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All about The Romanov Sisters...and parents and brother.

The Romanov Sisters: The Lost Lives of the Daughters of Nicholas and Alexandra - Helen Rappaport

I've read several books about the Romanovs over the years. This one is purportedly a biography of OTMA (Olga, Tatiana, Maria, and Anastasia), daughters of the last tsar of Russia, but it ended up dealing more with the family as a whole. The narrative is straightforward and there are copious quotes from letters and diaries, but the sisters never felt fully fleshed out. It seemed as though the author was pulling her punches at times, and sometimes just failing to connect the dots. For example, she presents quotes from people who saw Anastasia as the family clown, delightfully charming, and those from others who thought she was obnoxious and ill behaved. There's very little connective tissue to tie the quotes together and bring Anastasia's personality to life. 

 

In the prologue, the author says she's already written a book about the Romanovs' deaths in Siberia and doesn't want to cover that ground again, so the execution is glossed over. I think that's understandable, but it seemed like she was really disinterested in everything the family went through once they were in exile. I've read other books that talked about Maria being considered boy crazy by the other grand duchesses and getting into trouble with her family for flirting with the guards when they were in Siberia. There's even a story that one of the guards brought her a birthday cake and Maria was later caught with him in a "compromising position." There is no word of this in the book--does the author have reason to believe it didn't happen? Why wouldn't you mention that, if that were the case? I think the best biographies put things into context for the reader. Given that the girls were living through turbulent times and factions on every side were prone to spreading rumors to support their own agendas, I think she does the reader a disservice by not presenting some of what has been said over the years and dismantling the falsehoods. Instead the last third of the book consists of letter after letter in which the grand duchesses write to their friends about how bored they are. Unfortunately, it's also quite boring to read.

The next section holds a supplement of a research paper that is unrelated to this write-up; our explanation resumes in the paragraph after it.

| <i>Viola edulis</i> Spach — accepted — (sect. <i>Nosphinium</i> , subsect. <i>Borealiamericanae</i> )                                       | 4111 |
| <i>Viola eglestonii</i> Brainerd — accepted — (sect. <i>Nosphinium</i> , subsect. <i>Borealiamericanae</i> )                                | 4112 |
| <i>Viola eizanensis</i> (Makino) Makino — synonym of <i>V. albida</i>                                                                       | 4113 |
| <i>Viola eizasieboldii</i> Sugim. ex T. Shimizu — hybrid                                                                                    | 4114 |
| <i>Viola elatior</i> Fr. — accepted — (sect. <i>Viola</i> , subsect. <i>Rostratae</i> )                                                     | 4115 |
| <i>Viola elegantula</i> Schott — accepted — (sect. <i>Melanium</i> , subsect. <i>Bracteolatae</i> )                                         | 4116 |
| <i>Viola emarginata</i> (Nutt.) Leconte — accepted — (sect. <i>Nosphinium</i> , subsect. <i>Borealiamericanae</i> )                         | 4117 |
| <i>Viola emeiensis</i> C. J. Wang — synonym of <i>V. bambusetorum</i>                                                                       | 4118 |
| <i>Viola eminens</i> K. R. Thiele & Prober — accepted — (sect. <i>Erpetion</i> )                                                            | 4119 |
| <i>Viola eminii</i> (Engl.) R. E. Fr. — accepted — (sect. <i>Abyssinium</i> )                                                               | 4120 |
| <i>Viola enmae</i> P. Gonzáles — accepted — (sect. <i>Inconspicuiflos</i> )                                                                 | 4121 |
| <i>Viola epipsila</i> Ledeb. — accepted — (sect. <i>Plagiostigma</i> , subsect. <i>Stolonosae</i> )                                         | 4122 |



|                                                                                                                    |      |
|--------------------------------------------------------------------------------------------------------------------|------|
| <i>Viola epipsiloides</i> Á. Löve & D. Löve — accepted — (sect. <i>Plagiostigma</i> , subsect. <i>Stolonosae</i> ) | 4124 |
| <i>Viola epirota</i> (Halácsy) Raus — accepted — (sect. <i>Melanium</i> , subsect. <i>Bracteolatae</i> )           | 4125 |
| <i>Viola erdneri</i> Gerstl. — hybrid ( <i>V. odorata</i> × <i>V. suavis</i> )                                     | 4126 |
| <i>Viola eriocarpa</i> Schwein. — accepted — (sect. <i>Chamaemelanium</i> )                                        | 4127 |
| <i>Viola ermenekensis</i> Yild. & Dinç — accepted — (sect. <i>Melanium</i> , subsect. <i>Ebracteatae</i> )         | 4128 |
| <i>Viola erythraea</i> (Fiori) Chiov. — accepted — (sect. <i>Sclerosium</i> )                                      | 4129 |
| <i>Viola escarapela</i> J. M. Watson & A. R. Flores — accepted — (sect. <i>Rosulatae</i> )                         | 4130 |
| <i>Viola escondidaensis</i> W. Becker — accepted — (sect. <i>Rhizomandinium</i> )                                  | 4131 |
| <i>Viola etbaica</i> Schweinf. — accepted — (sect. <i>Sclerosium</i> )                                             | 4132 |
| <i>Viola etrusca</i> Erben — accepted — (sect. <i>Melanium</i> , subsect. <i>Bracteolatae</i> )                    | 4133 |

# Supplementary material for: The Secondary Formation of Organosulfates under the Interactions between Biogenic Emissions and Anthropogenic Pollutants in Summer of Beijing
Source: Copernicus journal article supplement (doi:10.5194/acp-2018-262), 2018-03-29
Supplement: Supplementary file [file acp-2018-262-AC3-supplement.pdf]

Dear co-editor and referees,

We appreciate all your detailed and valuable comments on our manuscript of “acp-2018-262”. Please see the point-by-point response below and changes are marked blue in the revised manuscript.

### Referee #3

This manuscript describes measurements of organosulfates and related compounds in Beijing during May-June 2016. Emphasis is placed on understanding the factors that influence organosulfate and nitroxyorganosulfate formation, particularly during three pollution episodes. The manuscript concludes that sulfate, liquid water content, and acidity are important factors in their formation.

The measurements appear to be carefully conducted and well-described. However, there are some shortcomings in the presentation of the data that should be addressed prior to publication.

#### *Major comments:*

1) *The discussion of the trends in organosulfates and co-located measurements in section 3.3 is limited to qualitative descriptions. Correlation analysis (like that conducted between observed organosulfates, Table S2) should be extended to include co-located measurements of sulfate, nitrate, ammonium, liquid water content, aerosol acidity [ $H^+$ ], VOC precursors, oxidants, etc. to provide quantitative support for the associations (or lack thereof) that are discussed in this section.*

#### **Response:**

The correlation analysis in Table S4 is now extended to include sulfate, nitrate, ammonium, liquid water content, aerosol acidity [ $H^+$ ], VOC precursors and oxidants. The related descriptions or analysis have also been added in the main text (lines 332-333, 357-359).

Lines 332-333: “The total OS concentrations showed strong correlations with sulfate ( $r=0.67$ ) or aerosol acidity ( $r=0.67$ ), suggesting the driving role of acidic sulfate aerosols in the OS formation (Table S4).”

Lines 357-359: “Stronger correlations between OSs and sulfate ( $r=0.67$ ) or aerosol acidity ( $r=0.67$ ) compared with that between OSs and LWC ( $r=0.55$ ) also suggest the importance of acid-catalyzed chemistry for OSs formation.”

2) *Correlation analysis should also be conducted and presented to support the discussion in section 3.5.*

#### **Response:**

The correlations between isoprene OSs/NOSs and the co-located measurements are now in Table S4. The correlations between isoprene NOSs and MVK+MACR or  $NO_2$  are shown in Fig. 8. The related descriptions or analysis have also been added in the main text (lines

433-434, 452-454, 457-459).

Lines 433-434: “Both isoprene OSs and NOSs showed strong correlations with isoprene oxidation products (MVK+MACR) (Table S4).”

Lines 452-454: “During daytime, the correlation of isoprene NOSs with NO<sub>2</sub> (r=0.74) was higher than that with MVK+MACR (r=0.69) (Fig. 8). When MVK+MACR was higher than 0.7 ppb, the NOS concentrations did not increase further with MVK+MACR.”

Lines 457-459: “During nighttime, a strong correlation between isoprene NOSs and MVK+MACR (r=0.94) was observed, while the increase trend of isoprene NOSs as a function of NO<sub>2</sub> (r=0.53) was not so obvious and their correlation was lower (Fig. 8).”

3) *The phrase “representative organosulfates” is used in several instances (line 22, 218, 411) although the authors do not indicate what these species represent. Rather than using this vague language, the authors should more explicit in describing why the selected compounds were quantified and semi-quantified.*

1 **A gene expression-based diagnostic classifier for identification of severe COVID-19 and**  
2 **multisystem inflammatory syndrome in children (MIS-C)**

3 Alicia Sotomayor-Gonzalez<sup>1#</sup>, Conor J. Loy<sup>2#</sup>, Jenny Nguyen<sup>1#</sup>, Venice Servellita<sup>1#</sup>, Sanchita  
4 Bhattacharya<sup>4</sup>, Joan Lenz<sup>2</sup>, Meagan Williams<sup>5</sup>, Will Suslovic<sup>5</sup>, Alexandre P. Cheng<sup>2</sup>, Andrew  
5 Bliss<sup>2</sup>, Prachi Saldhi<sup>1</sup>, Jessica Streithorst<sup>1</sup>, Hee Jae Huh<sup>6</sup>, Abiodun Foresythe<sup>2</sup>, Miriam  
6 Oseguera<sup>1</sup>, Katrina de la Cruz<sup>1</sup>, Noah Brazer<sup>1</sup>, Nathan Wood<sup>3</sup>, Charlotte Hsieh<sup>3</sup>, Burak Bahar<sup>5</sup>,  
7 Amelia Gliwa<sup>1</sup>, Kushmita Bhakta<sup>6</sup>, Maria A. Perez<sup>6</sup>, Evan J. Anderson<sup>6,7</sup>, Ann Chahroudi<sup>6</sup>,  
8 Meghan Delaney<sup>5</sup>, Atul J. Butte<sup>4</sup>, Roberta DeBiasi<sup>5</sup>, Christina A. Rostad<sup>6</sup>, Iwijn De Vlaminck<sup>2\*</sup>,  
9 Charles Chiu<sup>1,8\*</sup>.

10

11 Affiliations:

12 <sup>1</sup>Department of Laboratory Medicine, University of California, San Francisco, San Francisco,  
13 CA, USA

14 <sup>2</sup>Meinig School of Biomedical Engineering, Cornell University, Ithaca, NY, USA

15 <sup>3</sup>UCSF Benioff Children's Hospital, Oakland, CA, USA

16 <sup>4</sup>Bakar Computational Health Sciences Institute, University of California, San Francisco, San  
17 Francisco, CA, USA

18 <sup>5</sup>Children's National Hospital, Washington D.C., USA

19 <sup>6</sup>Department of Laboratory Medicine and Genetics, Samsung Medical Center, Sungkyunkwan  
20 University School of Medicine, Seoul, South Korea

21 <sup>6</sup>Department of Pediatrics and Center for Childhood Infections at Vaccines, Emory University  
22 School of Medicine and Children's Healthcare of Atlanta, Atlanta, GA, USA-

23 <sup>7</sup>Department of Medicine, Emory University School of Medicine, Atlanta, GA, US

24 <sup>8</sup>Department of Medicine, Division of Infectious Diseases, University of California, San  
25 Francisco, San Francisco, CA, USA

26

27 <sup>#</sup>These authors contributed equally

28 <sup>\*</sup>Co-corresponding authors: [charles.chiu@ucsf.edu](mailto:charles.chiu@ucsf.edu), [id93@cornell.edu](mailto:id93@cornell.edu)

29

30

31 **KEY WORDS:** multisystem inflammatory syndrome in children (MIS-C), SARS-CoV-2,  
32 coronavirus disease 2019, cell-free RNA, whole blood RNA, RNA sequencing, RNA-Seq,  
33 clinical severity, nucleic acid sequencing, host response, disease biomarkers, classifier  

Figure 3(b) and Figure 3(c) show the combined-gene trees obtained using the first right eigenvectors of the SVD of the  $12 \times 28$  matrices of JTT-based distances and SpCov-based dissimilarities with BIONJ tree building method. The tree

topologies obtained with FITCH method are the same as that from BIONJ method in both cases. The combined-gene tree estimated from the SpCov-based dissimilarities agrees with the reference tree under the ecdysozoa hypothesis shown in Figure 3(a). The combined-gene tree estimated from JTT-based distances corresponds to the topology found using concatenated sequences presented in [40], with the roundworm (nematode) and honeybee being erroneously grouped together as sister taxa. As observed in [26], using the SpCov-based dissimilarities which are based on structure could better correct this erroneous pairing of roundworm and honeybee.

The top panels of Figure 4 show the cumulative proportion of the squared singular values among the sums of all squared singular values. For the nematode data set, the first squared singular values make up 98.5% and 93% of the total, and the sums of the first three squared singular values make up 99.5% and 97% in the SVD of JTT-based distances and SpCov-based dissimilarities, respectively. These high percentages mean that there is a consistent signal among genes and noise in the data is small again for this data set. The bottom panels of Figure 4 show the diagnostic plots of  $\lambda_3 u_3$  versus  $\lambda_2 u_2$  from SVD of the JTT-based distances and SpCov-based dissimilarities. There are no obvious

I would recommend this as a good introduction to the Romanov family, but there's not much here to interest anyone who's familiar with their story. And readers who are hoping to have the grand duchesses come alive on the page will likely be disappointed.